Wind tunnels in cycling are nothing new and for anybody who loves tech, we would love to go test all of our gear. The problem with the wind tunnel is that you are looking at about $1,000/hr and the need for an experienced engineer to help turn the data into usable information for the majority of us.
For those two reasons testing which helmet we should wear, or where you put your nutrition is often a decision based around eyeballing it. We now have affordable power meters, continuous glucose monitors, and seemingly an endless stream of data at our disposal, yet aero and rolling resistance data has been difficult to to get.
Robert Chung made a post on a blog 20 years ago about a way to field test aerodynamics and rolling resistance, and it is still the gold standard today. I sat down with Robert to get his tips on how to do all four of his protocols and when each might be best.
For all protocols there are a few important tips:
- Find a safe course that you can make turns safely out of traffic.
- Start and Finish at the same spot so net elevation is the same.
- Find a course with minimal traffic, which includes cars, dogs, or anything that might cause you to stop the test.
- Pick a day with minimal wind
- Hold position constant
- Avoid hitting the brakes
Virtual Elevation and Why it Works
The virtual elevation method of testing works due to the exponential relationship of power losses to aerodynamic drag. That is to say power required to overcome aerodynamic drag is relative to the cube of speed. In much easier terms, to go 2x as fast, you create 4x the drag, which requires 8x the power.
Rolling resistance on the other hand is constant and the power required to overcome rolling resistance is linear to speed. To go 2x the speed, it requires 2x the power to overcome the rolling resistance losses.
When you do these tests, you can plug the results into a program such as Golden Cheetah and make estimates at your CdA and Crr until the "virtual elevation" and actual elevation profiles are horizontal and line up. This is because the speed changes lined up with your power data will show if the differences are linear or exponential which separates the rolling resistance and aerodynamics.
The Chung Method
The classic Chung Method approach involves finding a closed loop with turns that you don't need to brake. If you can find one with a little bit of elevation gain that is ideal. The loop should be 30 seconds to no more than 5 minutes. You need to do at least three laps and ideally 5 or 6, but anymore laps than that is unnecessary.
Varying your power throughout also gives you the best data. The variety of power helps identify the drag as aerodynamic drag or rolling resistance.
The couple tips for this protocol is to hold position constant, avoid wind, and don't hit the brakes. These can muddy the data and make it harder to isolate aero vs rolling resistance losses.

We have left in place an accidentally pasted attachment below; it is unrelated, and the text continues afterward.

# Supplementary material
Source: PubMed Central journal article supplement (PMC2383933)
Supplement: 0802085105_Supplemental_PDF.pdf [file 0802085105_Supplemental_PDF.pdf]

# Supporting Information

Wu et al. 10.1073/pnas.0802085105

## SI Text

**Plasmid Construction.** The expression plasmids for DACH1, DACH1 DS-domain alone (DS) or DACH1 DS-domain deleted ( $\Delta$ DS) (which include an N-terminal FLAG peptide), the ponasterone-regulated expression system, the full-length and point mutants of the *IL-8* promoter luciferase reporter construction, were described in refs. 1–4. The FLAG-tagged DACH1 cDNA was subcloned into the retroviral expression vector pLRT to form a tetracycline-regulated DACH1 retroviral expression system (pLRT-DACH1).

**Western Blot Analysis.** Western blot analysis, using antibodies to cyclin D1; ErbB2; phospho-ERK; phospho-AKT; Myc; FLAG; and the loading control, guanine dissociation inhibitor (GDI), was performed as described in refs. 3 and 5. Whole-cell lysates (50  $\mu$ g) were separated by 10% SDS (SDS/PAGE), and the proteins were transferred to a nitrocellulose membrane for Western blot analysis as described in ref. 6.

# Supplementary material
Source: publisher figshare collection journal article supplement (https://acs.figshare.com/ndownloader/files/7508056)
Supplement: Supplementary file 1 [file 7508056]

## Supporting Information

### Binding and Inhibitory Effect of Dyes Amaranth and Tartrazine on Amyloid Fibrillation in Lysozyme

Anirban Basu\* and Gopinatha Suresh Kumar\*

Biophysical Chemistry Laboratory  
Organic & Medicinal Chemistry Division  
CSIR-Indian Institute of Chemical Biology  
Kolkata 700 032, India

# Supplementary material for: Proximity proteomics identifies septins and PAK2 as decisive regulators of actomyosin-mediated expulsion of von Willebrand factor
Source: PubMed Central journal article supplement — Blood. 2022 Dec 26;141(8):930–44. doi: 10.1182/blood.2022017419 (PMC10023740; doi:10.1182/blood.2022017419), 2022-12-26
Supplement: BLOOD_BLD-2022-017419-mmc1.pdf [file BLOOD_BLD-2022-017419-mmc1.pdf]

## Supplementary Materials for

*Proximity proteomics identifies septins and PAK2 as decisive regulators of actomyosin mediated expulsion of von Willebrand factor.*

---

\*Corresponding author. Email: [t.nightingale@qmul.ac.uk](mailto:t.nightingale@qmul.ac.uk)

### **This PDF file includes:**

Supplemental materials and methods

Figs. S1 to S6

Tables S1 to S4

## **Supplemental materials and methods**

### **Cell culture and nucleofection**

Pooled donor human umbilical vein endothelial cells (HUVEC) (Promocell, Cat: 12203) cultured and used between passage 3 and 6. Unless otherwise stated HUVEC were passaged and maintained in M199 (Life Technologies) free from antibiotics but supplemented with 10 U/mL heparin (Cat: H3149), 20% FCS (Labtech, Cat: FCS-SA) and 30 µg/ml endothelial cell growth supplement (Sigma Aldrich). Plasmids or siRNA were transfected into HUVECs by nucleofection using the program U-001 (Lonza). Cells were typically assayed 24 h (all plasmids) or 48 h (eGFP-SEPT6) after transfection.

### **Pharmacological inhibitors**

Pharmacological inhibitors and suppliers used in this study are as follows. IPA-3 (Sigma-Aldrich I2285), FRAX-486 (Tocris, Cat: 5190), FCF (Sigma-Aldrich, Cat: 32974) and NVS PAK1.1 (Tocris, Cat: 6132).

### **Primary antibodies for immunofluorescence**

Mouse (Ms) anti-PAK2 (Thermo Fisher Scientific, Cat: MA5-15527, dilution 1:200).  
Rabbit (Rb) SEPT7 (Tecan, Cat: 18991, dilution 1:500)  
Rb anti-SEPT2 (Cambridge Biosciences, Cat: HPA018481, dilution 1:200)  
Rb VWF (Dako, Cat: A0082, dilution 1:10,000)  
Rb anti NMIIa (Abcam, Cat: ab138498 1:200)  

For this method you do need a dedicated speed sensor, an altimeter, and a power meter. The best data is going to come from a dual sided power meter but you can get most of the way with a single sided power meter.
Aero Testing With The Shen Method
The Shen Method is a great alternative protocol when a loop isn't available. This is essentially an out and back. If you put a cone or some sort of marker out on the road it gives you a good place to make the turn around. It is ideal to find a small bump in the road so you can slow enough to make the turn without hitting the brakes. If you don't have the ability to make the turn without the brakes, as soon as you get to the turn around slam the brakes hard. This will show up in the data as a massive climb and you can go back and snip that portion out of the ride.
When you get going again, hold position constant and get back to the start. Do this protocol three times with a slow, medium, and faster run. The plotting of this will be a little more difficult as you would need to export the data points and plot them on your own as Golden Cheetah does not currently have a mirroring function.
The equipment needed for the Shen Method is the same as above. A dedicated speed sensor, power meter that measures total power is ideal, and an altimeter.
Single Direction Climb
This is likely one of the easiest protocols to find a course for most. You just need to find a 90 second to 5 minute long climb. The key here is to do a really slow effort, a medium effort, and another around your threshold or even higher.
This will give you three virtual elevation profiles to plug into Golden Cheetah. If you then use the CdA and Crr estimation tools until the three lines match up. This will give you an accurate estimate of your CdA and Crr for that given surface. This protocol is likely best when you are looking for a consistent surface for gravel testing since it might be difficult to find a short enough loop with a consistent surface. A single climb is much more likely to have the same surface as a loop.
Coast downs are a great option if you don't have a power meter because you aren't adding any power to the pedals so we know that power is zero. You pick a start and end point and hit the start point at three different speeds. First start at almost a dead stop, then walking speed, then a faster run.
This method can then be plugged into Golden Cheetah just the same but the speed sensor is absolutely critical. Since we don't have power to include in the data, the speed needs to be very accurate. This protocol can still be just as accurate as the others but it does require some snipping of the ride file to make sure the start and end points are the exact same.
If you want to hear more from the inventory of virtual elevation testing, check out my interview with him below: